One day, in an effort to “run away from a broken heart”, he joined the track team. The coach told him he ran too slow, so, he laughs, “I joined the student newspaper to write an exposé of the lousy track coach. That was basically where I was at: a very callow sophomore in college.”

Such was his love for journalism that he stopped going to classes and “flunked out”. It was 1968, he was 22, the Vietnam War was on, and without enough credits to graduate, he lost his deferment.

“I didn’t want to go to the war. I didn’t want to go to Canada. I didn’t want to go underground.

!I was not a conscientious objector. I spent the summer of 1968 reading Jean- Paul Sartre’s Roads to Freedom, a trilogy about a guy named Mathieu Delarue, who doesn’t know what to do in the summer of 1938, and it was just so perfect. I just waited and waited and then I got drafted. My mum said, ‘Join the Navy, it’s safer. You won’t get shot the first day that they put a uniform on you because you’re such a klutz.’”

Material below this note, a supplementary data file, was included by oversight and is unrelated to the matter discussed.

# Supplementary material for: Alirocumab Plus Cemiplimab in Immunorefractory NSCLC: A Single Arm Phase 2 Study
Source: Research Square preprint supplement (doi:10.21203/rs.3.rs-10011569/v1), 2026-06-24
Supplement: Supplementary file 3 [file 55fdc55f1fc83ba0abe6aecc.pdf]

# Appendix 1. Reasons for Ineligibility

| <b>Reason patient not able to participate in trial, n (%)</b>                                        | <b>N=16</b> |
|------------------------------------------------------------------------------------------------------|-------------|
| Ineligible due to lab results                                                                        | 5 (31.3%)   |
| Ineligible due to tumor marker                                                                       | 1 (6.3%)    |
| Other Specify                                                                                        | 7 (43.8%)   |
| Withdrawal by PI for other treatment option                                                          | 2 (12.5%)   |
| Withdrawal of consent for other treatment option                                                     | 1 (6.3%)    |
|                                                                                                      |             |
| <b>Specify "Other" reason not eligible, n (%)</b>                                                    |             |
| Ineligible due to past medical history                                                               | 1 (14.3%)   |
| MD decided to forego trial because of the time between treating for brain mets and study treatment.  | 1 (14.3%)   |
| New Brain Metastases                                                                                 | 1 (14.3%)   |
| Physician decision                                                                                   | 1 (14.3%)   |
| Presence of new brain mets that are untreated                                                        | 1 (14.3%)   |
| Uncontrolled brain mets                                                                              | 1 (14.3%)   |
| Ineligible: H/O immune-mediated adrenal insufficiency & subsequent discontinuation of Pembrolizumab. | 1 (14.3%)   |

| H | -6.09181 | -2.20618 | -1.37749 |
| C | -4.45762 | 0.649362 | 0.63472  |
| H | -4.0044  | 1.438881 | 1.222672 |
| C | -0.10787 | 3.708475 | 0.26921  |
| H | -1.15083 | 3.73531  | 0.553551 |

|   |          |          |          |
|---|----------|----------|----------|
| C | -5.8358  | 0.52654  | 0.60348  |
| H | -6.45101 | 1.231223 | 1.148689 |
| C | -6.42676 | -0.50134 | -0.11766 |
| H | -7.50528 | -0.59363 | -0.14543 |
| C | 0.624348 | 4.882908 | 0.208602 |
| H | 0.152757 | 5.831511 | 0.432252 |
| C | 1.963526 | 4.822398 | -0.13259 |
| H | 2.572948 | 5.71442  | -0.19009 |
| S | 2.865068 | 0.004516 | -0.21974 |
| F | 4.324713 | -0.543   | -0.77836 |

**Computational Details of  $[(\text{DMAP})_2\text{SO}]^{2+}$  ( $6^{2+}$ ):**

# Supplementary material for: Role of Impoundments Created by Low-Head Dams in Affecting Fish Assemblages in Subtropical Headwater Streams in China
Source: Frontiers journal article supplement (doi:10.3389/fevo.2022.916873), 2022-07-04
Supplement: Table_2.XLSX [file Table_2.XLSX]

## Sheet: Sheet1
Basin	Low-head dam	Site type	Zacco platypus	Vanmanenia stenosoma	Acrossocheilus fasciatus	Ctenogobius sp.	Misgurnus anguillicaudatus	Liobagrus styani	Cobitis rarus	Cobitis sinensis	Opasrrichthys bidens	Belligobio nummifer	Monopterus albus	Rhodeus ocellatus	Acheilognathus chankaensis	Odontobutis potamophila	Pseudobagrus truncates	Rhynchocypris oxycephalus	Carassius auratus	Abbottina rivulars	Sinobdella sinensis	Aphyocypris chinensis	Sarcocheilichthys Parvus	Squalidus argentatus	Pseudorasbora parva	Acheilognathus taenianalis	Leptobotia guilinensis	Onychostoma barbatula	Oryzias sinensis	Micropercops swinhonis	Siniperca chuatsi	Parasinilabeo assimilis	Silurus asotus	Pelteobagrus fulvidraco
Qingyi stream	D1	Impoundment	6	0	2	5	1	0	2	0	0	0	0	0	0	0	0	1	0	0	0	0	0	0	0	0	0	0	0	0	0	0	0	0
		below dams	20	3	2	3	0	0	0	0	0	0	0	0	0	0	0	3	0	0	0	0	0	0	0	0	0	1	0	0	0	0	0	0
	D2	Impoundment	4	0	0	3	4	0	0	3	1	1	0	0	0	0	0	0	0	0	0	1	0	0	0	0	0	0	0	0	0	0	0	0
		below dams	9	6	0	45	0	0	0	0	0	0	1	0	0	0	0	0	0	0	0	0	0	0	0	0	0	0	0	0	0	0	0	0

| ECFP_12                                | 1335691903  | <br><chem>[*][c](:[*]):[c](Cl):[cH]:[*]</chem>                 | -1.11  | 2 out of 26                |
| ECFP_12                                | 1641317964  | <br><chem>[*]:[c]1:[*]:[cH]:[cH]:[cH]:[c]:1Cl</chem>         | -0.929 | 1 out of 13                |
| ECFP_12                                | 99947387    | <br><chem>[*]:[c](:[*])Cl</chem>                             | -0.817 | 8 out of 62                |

Tannenbaum followed her advice, but six months into a four- year contract behind a desk at the Navy Yard in Washington, he wanted out, and decided to pretend that he was “crazy”.

Flicking through a psychology book, he stumbled upon a description of battle fatigue, and despite never having seen action himself, used it to convince a navy psychiatrist, who could not have read Catch 22, that he was unfit for service.

“The weekend that I went Awol as part of my plan to show them how crazy I was, I met a woman who told me, ‘If you like Henry Miller,’ I was reading Henry Miller at the time, ‘you should read Lawrence Durrell.’ Lawrence Durrell was a friend of Miller’s and so was Anais Nin, and the only place you could get all three of those authors was at the Gotham Book Mart in New York City, which I had never heard of.”

For years he had “no idea what my passion was going to be”. The sights and smells inside the Gotham Book Mart changed that, and set him on the path that would eventually lead to him becoming the new owner of The Bookstore in 1976. And starting to change the world, one book at a time.

‘Hello Bookstore’ is out now